Wednesday, March 25, 2015

Day 3: Let the Surgeries Begin

The morning started with a bit of frenzy, but the first day of surgery usually does as we get everything organized in the operating rooms and people get accustomed to working together. Although some members of the medical team have worked together for as many as ten IEP missions, others are working together in the operating room for the first time. 

We initially had one operating room with two tables, but were able to get a second down the hall. The team has worked in a single room before, but it's not ideal -- especially for keeping the patients' stress levels down. Surgery isn't a particularly quiet operation, so to speak.

We had six surgeries scheduled, but picked up a seventh by the end of the day when a patient came into the hospital with a badly broken ankle.

Drs. Nyska, Palmanovich, and Lehnert with Mai Phan,
our "imported" translator from California.
Four of today's scheduled patients were kids.


It's heartening to know that we're helping them, but hard to see them frightened as they come into the operating room. It can be intimidating no matter how old you are. The operating rooms are brightly lit, kept very cool, and filled with all sorts of people in green scrubs and gowns, masks, and caps. Add in that half the people are speaking an unfamiliar language and although you met them a few days ago, they're unrecognizable behind the masks.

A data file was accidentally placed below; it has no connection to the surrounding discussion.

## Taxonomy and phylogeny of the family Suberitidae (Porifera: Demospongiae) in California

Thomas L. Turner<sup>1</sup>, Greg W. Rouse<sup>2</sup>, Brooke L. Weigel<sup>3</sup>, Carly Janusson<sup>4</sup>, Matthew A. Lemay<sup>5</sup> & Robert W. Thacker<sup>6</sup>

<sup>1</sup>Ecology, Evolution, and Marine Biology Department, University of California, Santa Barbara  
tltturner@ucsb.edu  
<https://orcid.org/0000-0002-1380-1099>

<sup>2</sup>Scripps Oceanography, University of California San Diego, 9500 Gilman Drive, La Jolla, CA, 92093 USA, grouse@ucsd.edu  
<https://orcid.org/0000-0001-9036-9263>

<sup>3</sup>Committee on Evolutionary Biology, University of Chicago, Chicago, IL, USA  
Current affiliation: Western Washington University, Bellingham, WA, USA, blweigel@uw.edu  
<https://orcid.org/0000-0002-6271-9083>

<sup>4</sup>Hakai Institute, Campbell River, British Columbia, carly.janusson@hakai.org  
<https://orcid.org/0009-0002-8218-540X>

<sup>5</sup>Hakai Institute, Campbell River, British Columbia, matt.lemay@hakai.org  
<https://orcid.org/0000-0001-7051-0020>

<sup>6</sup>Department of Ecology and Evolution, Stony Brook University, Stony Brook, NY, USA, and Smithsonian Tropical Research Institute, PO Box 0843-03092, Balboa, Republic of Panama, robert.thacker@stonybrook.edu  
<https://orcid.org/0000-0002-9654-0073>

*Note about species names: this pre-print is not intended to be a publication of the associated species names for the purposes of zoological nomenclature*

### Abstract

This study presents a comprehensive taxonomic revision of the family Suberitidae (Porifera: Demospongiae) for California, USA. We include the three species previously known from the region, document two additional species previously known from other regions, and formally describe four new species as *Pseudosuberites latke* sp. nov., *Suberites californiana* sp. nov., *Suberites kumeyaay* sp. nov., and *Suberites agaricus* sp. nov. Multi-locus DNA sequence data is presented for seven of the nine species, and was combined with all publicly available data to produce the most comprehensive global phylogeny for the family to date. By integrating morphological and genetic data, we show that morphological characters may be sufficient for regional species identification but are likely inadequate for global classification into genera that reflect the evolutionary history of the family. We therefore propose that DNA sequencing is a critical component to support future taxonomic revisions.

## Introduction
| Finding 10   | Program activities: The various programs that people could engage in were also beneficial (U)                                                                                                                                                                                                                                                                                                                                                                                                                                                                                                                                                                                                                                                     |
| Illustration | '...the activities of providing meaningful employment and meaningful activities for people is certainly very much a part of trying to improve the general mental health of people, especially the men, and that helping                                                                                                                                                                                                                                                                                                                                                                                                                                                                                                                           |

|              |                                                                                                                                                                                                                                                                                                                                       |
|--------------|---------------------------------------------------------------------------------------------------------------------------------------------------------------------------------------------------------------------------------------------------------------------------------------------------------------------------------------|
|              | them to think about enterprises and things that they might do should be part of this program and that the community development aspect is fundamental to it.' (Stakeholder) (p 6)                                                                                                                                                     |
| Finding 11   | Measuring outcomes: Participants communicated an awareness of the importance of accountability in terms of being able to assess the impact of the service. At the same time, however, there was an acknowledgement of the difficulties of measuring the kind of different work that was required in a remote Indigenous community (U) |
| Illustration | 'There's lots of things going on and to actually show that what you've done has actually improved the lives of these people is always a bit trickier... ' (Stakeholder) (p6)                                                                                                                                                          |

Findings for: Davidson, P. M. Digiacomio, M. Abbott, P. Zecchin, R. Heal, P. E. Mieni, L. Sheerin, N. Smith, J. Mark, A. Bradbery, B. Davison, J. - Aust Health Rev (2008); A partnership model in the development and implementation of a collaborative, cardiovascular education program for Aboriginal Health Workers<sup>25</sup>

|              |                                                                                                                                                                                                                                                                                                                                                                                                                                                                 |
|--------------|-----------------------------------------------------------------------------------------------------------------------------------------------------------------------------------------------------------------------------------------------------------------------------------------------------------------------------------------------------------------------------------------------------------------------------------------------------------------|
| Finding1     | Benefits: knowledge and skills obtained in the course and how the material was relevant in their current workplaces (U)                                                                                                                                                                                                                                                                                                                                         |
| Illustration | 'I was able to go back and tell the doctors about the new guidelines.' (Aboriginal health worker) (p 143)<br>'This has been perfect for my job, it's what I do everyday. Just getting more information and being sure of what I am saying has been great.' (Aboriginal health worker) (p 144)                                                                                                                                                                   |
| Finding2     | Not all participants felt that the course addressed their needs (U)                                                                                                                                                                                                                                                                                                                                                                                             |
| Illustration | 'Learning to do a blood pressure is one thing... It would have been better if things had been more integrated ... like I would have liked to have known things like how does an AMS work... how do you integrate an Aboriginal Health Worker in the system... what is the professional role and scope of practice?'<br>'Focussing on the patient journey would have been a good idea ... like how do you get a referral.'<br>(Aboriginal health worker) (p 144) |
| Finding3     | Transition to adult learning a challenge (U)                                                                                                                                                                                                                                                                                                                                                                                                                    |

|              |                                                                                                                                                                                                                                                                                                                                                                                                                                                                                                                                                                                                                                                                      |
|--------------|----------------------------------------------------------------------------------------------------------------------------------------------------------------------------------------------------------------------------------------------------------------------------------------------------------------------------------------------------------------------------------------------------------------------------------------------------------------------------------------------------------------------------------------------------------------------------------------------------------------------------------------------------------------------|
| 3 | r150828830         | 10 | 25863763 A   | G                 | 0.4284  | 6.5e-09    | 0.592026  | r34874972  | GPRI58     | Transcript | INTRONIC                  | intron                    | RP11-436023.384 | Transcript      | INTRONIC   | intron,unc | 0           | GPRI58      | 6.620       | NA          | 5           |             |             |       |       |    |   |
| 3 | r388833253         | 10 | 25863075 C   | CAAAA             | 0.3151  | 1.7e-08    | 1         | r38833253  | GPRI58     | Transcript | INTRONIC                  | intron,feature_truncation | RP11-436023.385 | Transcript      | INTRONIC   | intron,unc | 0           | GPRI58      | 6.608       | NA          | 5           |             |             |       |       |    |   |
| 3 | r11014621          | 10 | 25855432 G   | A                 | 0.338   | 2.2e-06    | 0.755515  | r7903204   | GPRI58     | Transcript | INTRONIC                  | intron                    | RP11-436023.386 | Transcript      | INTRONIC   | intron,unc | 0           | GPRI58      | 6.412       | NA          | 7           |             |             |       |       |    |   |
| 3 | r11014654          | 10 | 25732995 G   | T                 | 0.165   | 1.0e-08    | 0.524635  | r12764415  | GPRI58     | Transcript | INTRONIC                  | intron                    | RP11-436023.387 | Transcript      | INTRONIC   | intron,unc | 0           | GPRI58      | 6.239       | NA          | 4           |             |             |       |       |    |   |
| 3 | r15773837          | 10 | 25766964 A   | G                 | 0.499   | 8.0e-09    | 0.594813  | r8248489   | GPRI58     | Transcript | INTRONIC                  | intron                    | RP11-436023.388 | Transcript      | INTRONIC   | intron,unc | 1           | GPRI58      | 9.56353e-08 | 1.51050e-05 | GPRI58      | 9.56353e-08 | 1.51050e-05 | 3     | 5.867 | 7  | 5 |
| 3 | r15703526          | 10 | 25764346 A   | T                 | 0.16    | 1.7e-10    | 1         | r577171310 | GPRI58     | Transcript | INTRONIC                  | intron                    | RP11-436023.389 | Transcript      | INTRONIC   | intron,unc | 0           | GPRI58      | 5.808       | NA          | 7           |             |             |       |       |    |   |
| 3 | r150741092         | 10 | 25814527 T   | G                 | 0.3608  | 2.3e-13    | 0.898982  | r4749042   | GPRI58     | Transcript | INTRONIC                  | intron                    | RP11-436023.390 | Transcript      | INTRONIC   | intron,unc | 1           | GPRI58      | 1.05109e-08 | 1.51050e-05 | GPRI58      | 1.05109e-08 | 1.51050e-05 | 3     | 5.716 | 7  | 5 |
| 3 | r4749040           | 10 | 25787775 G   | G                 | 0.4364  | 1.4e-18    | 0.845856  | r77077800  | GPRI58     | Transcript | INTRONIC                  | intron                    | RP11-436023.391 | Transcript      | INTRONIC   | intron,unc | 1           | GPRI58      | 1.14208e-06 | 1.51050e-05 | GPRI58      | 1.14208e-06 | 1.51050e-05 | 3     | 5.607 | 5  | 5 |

The more specific medical details...


Patient 1: Six-year-old girl
  • Multiple enchondromas, or benign tumors, in left leg. She was unable to straighten her left leg, but could walk and run, although stairs and uneven surfaces were challenging. 
  • Procedure: Left distal femur enchondroma curettage, bone grafting, femoral osteotomy with steinman pin fixation
Patient 2: 36-year-old man
  • Ganglion cysts in both ankles that first developed when he was 18.
  • Procedure: Bileateral excision of soft tissue mass of lateral malleolus and styloid process
Patient 3: 11-year-old boy
  • Left foot equinus with cavus deformity; post-polio.
  • Procedure: Cole osteotomy and tendo-achilles lengthening (TAL).
Patient 4: 38-year-old man
  • Right foot equinus with cavus deformity
  • Procedure: Cole osteotomy and TAL. 
Patient 5: 10-year-old girl
  • Left foot equinus
  • Procedure: Left gastroc and PT recession
Patient 6: Six-year-old girl
  • Bilateral equinus, inverted forefoot
  • Procedure: Bilateral gastroc recession and right calcaneal-cuboid fusion

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